Carina Constellation Facts, Myth, Location and Stars

In today’s article, we’re discussing Carina Constellation facts to help you identify, locate, and understand it.

Carina Constellation Facts, Myth, Location and Stars

What is the Carina Constellation?

The Carina Constellation (pronounced ˈkærᵻnə) is a constellation in the southern sky. Its name is Latin for keel, and it was originally part of the Argo Navis.

Carina contains Canopus, the second brightest star in the night sky.

It was first discovered by Ptolemy in the 2nd century AD. (Ptolemy was a Greek astronomer and mathematician who lived in Egypt.)

Interesting Carina Constellation Facts:

-Carina is the third largest constellation in the sky.

-It is home to two of the brightest stars in the entire night sky, Canopus and Miaplacidus.

-Carina contains the variable star Eta Carinae, which is one of the most luminous stars known.

-It also contains the remnants of the Supernova of 1604, also known as Kepler’s Supernova.

-The Carina Nebula is one of the largest star-forming regions in our galaxy.

-The Carina Constellation is visible in the southern hemisphere from February to July.

French astronomer Nicolas Louis de Lacaille created the modern constellation boundaries in the 18th century, breaking the original discovery/description apart into three separate constellations we now know as Carina, Puppis, and Vela.

Three constellations border Carina: Vela, Puppis and Centaurus.

It is a member of the Heavenly Waters family, which includes other constellations such as Delphinus, Eridanus, Pyxis, and Columba.

Where is the Carina Constellation?

The Carina Constellation is located in the southern sky.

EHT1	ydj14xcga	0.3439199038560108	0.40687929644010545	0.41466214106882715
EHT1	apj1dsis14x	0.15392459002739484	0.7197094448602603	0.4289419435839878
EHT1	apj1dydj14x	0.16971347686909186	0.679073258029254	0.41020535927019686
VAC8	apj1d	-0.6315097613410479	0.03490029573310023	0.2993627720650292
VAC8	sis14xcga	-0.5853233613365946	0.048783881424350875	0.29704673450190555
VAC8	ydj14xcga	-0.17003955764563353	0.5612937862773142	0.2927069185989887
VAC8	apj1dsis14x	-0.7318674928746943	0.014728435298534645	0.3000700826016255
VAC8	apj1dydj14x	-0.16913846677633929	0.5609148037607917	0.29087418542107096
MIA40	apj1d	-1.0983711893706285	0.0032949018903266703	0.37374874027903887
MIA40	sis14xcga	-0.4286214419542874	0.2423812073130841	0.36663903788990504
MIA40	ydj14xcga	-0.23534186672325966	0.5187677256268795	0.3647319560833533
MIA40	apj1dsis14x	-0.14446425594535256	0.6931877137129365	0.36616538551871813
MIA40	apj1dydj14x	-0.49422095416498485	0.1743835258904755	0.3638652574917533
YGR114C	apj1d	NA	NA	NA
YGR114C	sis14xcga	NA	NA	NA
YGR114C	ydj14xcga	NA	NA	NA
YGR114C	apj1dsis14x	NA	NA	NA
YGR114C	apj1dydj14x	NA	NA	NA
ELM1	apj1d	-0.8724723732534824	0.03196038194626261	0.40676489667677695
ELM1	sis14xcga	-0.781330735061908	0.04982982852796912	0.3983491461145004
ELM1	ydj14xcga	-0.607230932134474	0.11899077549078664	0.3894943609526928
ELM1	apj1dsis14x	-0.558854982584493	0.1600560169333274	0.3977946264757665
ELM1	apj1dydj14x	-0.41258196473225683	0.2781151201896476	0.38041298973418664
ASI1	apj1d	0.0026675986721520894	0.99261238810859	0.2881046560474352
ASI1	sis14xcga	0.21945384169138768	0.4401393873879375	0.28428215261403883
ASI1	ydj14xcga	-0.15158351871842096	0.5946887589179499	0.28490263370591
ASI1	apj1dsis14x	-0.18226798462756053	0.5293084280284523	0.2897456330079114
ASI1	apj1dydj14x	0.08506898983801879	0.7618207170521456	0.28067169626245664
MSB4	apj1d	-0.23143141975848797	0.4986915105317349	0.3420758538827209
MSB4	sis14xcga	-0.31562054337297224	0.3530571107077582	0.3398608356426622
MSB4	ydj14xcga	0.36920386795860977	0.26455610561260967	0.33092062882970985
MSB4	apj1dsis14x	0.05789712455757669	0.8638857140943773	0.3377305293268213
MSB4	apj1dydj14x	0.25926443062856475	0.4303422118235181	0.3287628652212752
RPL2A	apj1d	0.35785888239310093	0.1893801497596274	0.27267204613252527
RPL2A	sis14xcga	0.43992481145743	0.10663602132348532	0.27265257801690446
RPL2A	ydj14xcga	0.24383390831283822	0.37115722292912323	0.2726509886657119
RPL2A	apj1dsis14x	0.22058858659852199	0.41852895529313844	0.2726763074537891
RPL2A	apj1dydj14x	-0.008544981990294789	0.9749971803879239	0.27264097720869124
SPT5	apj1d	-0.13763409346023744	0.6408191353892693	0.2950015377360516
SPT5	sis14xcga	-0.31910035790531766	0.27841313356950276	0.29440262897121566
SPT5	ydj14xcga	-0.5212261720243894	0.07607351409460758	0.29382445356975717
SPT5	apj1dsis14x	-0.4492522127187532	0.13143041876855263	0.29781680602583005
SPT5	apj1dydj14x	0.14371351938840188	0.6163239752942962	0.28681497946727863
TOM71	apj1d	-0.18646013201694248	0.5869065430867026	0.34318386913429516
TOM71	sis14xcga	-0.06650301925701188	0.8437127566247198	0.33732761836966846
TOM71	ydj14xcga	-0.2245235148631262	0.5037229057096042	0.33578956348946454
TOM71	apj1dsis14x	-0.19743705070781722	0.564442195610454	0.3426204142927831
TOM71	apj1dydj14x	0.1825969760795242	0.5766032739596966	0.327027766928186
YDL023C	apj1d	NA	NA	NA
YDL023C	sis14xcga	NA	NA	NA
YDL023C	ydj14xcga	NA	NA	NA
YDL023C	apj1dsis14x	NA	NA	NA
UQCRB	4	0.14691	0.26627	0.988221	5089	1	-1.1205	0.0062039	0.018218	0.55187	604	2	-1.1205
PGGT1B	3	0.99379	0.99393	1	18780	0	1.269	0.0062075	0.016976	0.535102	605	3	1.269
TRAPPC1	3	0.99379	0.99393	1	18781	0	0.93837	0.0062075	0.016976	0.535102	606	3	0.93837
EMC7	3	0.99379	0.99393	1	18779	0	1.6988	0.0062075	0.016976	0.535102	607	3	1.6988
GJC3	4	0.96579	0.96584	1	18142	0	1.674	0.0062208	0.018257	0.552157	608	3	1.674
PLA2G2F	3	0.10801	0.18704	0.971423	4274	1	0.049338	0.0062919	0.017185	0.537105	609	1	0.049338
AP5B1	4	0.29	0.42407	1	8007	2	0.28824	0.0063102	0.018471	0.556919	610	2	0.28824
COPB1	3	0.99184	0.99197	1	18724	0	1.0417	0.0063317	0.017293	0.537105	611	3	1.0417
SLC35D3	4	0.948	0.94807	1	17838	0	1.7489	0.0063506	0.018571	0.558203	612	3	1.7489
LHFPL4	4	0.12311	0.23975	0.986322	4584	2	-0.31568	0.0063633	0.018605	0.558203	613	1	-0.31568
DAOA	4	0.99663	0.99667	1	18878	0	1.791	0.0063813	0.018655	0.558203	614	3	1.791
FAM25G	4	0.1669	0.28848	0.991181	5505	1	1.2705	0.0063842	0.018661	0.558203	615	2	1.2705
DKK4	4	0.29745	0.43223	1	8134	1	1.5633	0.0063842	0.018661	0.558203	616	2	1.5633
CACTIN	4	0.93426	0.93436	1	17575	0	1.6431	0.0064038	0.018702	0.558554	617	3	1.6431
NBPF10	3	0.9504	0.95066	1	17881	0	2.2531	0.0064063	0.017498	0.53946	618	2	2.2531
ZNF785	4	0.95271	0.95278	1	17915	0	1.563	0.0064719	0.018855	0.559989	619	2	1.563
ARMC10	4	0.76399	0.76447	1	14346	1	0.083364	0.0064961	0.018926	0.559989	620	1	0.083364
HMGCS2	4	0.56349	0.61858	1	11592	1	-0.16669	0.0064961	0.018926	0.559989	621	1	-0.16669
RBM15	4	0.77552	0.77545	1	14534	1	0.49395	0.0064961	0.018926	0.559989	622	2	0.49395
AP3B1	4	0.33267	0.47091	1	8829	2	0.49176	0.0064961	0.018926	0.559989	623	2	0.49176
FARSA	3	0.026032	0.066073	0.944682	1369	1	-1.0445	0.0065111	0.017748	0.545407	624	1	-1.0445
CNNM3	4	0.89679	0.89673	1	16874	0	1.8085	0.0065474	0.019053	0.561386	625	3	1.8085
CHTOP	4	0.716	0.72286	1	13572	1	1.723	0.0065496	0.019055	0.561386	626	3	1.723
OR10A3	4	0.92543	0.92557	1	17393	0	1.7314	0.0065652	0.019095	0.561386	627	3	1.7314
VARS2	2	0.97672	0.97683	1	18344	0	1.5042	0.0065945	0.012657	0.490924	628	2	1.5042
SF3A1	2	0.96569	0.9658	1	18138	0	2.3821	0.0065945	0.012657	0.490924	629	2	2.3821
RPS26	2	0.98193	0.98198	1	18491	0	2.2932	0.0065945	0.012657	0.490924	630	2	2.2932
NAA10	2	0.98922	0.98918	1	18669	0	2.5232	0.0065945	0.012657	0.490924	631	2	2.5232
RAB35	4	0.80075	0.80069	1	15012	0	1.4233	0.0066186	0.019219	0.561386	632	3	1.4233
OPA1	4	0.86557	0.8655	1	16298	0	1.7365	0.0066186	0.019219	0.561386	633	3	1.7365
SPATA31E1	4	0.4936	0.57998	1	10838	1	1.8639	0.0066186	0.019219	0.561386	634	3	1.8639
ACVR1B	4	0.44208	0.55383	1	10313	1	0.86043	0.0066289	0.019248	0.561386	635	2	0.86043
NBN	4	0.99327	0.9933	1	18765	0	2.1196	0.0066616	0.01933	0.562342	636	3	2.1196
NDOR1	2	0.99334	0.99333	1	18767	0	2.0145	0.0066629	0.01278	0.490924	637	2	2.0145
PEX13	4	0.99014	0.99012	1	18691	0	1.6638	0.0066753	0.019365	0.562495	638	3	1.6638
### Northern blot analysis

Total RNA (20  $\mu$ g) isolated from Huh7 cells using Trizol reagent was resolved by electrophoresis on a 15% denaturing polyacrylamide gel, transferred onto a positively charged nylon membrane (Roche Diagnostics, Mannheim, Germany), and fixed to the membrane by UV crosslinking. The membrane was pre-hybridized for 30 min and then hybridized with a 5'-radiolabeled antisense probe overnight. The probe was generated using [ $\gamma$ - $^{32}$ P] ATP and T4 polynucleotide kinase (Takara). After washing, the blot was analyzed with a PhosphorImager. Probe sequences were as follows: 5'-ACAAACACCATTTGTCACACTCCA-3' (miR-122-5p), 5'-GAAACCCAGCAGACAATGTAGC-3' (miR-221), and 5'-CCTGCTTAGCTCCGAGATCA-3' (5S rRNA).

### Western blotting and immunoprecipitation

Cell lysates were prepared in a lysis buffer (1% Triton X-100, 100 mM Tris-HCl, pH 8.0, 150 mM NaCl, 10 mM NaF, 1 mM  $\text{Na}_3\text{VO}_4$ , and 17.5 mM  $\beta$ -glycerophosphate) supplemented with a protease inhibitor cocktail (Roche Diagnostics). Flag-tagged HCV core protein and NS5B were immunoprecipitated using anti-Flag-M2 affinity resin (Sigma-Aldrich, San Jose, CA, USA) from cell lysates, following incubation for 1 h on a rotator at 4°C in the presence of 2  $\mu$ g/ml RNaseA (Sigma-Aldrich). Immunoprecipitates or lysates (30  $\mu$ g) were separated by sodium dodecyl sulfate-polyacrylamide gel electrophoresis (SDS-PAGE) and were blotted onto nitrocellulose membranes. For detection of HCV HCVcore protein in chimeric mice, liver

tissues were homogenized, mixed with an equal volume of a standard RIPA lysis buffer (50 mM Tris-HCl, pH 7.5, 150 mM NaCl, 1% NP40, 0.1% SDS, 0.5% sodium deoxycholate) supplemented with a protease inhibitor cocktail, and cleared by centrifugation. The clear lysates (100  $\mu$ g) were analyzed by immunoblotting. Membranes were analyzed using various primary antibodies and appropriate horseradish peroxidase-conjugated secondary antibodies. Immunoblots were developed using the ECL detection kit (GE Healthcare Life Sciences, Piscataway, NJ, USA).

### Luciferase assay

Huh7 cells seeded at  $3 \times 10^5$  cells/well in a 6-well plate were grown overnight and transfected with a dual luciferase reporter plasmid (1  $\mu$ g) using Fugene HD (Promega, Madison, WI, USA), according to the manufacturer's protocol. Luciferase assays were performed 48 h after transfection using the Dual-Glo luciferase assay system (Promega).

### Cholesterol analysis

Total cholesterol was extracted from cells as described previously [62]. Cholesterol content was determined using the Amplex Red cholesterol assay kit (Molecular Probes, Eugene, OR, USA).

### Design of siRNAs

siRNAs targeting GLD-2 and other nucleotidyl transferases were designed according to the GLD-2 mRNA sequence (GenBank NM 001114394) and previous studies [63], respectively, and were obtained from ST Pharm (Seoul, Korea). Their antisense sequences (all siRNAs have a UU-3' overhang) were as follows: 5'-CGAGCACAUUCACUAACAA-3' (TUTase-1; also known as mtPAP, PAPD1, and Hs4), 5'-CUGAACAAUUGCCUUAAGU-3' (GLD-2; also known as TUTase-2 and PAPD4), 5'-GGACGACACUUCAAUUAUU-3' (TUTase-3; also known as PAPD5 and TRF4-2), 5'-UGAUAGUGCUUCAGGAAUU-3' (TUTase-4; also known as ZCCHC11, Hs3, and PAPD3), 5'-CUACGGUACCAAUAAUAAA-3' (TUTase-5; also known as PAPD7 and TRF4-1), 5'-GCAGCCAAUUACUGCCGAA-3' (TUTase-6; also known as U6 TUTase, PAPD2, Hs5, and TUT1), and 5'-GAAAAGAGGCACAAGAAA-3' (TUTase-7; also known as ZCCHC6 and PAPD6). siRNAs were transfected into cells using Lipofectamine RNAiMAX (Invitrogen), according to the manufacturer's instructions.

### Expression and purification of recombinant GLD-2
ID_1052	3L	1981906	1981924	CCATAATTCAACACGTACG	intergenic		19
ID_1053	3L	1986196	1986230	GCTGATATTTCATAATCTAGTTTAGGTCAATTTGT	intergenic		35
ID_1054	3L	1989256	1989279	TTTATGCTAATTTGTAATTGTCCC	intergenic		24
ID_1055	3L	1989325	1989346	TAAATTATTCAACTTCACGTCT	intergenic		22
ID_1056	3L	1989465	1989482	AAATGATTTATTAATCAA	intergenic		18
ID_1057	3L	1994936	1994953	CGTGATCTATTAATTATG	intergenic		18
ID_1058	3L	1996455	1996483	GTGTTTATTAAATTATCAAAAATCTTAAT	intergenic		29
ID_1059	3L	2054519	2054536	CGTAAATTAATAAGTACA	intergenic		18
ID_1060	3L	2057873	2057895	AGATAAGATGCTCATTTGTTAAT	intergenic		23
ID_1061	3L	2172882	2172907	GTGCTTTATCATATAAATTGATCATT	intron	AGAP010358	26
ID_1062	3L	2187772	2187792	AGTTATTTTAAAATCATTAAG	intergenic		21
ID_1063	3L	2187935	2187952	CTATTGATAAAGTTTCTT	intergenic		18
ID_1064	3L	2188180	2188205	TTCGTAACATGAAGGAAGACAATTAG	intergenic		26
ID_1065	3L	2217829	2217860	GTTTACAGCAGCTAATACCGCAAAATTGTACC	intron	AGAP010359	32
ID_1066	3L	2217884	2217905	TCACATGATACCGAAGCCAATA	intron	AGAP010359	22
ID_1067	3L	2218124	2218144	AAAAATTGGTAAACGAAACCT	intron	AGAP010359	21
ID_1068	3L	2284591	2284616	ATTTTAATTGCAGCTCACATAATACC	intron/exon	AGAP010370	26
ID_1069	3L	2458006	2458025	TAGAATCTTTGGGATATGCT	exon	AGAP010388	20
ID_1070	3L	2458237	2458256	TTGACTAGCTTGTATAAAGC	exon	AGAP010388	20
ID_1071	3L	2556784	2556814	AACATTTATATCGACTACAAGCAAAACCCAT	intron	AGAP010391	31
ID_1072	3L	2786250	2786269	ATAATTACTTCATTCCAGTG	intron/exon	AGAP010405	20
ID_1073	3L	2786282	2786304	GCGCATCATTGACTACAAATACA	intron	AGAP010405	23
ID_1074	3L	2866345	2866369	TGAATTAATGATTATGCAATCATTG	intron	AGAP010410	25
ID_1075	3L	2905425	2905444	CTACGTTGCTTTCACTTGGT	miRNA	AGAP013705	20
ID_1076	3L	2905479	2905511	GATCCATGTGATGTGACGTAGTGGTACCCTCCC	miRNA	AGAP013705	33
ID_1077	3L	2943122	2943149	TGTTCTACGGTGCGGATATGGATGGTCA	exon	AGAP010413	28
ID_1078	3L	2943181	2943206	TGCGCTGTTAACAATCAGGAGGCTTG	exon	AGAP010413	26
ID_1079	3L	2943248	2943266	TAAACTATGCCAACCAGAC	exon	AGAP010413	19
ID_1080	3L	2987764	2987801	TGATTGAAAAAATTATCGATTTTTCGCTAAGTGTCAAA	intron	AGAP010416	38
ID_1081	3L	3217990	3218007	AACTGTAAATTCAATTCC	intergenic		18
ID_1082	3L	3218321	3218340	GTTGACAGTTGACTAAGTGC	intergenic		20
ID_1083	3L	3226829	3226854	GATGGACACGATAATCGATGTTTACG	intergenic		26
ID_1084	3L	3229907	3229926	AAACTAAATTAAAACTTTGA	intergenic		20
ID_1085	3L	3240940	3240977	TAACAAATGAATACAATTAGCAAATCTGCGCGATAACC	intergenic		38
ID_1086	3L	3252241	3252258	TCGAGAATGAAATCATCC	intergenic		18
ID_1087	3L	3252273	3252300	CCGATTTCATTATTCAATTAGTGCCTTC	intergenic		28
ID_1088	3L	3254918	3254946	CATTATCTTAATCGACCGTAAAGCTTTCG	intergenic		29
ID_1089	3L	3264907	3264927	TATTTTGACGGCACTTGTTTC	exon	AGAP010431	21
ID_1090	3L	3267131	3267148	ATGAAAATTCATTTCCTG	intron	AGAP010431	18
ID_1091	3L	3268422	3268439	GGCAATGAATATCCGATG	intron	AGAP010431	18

It can be seen best from latitudes between +20° and -90°.

It is best seen in February.

How Big is the Carina Constellation?

The Carina Constellation takes up an area of 494 square degrees.

This makes it the 31st largest constellation in the sky.

Carina Constellation Stars

There are 11 stars with known planets in the Carina Constellation, and a handful of named stars.

The brightest star is Canopus, Alpha Carinae, with an apparent magnitude of -0.72 (aka Canopis). Canopus is famous as one of the brightest and well-known stars in the night sky.

The second brightest star is Miaplacidus, Beta Carinae, with an apparent magnitude of 1.68.

There are two star systems with known planets in Carina: HD 97658 and HD 106906.

Carina Constellation Mythology

The constellation of Carina was once part of the much larger constellation Argo Navis.

The myth associated with Argo Navis is the story of Jason and the Argonauts.

The story goes that Jason was asked by the king of Iolcus to retrieve the Golden Fleece.

He built a ship called the Argo, and set sail with a crew of 50 heroes.

The Argo was successful in its quest and returned to Iolcus with the Golden Fleece.

When Ptolemy divided Argo Navis into three separate constellations, he named one of them Carina after the keel of the ship.

Can the Carina Constellation Be Viewed Without a Telescope?.

Yes, the Carina Constellation can be viewed without a telescope.

Carina Constellation’s Meteor Showers

The Carina Constellation is home to two meteor showers: the eta Carinids and theta Carinids.

The eta Carinids are active from January 21st to February 20th, with peak activity on February 4th.

The theta Carinids are active from February 8th to March 5th, with peak activity on February 25th.

Both meteor showers are best seen in the Southern Hemisphere.

Carina Constellation Deep Sky Objects

There are a number of Deep Sky Objects in the Carina Constellation.

Some of the more notable ones include:

The Carina Nebula, also known as the Great Nebula in Carina, is a large emission nebula. (A large emission nebula is a cloud of ionized gas where stars are born.)

The Eta Carinae Nebula is a bipolar planetary nebula. (A bipolar planetary nebula is a type of planetary nebula that has a distinctive shape, with two lobes that are symmetrical about a central star.)

The open star cluster NGC 3114 is also located in Carina. It is a young cluster, with an age of around 10 million years.

The open star cluster IC 2602 is another young cluster in Carina. It is also known as the Southern Pleiades.

The variable star eta Carinae is one of the most luminous stars in the sky. It is also one of the most massive stars known.

Wrap Up

Have you had any luck locating the Carina Constellation? Let us know in the comments section below.

Carina Constellation Facts

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